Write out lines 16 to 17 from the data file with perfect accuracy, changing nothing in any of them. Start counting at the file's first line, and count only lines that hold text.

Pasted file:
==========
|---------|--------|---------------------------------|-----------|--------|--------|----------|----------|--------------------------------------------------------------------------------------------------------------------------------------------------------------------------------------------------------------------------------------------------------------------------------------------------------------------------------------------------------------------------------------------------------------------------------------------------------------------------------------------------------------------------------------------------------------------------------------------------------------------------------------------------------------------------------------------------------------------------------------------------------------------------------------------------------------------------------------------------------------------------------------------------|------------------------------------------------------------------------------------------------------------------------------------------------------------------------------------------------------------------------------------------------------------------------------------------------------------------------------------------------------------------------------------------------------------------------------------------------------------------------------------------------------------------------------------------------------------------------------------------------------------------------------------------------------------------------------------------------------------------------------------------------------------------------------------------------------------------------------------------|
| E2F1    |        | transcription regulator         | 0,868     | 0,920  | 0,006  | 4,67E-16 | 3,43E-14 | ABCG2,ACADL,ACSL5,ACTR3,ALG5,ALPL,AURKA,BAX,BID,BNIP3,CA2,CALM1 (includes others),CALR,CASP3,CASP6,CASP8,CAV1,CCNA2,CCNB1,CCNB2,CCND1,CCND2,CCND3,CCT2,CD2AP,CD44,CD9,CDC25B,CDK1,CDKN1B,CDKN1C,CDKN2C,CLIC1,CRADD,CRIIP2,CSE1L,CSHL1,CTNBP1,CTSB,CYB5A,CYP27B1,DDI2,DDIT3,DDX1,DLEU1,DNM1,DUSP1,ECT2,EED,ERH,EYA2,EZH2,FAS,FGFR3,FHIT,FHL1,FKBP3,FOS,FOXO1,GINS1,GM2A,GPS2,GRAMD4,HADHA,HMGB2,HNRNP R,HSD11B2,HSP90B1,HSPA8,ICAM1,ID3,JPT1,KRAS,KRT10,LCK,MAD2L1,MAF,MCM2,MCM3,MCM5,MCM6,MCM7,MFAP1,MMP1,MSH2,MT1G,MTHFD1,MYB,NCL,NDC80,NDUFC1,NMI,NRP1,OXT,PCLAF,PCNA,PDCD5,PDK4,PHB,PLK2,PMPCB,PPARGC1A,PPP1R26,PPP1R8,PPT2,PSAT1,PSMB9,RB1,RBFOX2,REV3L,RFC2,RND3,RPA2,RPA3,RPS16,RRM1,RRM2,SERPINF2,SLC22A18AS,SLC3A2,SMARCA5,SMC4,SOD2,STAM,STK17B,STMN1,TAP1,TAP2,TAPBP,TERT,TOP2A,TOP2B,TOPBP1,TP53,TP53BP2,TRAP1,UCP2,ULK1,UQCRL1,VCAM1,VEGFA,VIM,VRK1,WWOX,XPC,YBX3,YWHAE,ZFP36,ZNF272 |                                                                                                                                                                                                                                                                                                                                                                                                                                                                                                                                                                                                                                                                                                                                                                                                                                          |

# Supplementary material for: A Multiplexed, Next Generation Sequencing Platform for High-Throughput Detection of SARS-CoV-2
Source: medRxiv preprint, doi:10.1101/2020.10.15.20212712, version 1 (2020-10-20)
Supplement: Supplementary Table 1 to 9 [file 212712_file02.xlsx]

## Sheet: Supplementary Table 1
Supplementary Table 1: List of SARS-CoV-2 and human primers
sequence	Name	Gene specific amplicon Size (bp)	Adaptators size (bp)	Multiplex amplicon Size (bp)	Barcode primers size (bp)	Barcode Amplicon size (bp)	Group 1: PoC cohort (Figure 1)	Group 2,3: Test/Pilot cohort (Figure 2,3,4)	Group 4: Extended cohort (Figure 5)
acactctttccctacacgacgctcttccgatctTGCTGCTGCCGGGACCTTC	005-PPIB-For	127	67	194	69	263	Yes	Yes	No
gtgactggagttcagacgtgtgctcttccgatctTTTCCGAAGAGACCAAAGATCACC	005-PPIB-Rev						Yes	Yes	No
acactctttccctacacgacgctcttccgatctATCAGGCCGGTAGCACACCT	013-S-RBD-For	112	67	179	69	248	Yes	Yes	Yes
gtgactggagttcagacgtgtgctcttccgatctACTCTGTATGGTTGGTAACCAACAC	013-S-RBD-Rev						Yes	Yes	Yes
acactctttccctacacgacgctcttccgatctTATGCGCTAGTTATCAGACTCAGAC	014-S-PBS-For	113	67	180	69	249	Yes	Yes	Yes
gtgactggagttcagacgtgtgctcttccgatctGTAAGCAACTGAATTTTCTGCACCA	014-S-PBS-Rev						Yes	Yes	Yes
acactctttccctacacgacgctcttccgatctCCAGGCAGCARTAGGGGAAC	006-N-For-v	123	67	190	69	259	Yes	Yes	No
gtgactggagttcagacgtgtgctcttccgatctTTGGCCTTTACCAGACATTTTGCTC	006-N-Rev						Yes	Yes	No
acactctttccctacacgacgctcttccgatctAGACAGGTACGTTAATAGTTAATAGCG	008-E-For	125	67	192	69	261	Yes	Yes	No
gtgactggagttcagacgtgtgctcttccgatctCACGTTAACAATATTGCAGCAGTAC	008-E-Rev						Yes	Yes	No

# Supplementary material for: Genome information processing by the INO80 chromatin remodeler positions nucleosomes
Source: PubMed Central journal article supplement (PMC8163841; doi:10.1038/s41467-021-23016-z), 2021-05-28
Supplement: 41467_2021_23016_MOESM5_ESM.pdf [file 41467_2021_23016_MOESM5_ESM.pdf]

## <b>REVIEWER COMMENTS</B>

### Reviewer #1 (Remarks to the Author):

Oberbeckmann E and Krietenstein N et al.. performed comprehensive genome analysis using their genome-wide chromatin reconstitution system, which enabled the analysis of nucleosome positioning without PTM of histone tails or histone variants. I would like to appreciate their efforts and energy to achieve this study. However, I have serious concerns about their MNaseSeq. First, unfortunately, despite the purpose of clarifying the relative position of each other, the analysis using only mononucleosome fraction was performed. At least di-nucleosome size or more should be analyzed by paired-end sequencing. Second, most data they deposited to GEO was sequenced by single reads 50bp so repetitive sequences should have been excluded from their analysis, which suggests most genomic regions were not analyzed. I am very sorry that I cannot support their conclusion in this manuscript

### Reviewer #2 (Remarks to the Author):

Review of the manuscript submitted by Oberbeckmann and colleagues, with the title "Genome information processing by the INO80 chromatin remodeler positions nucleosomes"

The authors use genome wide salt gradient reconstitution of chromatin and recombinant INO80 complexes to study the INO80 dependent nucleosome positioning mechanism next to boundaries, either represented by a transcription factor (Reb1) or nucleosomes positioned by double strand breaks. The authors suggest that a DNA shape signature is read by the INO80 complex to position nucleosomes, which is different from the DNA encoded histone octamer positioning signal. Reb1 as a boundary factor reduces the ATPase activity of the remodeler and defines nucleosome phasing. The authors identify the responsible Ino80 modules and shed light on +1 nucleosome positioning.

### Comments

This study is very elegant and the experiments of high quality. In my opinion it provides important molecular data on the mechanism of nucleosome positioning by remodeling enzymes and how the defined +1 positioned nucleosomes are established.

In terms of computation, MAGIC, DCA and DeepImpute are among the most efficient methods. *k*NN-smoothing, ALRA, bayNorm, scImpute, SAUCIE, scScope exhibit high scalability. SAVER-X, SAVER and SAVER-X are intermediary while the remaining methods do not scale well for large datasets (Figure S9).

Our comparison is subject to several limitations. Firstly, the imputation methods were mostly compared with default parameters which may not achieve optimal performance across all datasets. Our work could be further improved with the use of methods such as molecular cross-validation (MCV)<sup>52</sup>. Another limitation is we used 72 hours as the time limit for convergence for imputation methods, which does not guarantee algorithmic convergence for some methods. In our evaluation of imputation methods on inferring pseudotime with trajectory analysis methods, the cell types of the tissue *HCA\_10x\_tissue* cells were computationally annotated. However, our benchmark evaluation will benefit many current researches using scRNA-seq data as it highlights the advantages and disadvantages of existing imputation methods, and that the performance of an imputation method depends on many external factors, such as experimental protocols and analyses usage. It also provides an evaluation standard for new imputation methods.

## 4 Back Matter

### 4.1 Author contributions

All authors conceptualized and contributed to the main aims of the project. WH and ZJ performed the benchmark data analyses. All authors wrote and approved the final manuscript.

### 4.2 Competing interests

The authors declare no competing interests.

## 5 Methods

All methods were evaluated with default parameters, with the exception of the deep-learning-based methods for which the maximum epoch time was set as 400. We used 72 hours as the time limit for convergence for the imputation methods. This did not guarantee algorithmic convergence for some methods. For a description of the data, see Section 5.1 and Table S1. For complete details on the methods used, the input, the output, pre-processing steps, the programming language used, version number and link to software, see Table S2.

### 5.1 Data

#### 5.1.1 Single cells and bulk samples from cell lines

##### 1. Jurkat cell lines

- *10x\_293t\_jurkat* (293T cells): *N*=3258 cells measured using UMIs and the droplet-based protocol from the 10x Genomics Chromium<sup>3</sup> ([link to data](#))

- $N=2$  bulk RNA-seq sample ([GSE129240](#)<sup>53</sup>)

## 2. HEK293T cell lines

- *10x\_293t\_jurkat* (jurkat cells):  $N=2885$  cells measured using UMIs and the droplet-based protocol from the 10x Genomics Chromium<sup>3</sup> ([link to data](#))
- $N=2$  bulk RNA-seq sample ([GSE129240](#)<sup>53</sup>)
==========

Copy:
gtgactggagttcagacgtgtgctcttccgatctTTGGCCTTTACCAGACATTTTGCTC	006-N-Rev						Yes	Yes	No
acactctttccctacacgacgctcttccgatctAGACAGGTACGTTAATAGTTAATAGCG	008-E-For	125	67	192	69	261	Yes	Yes	No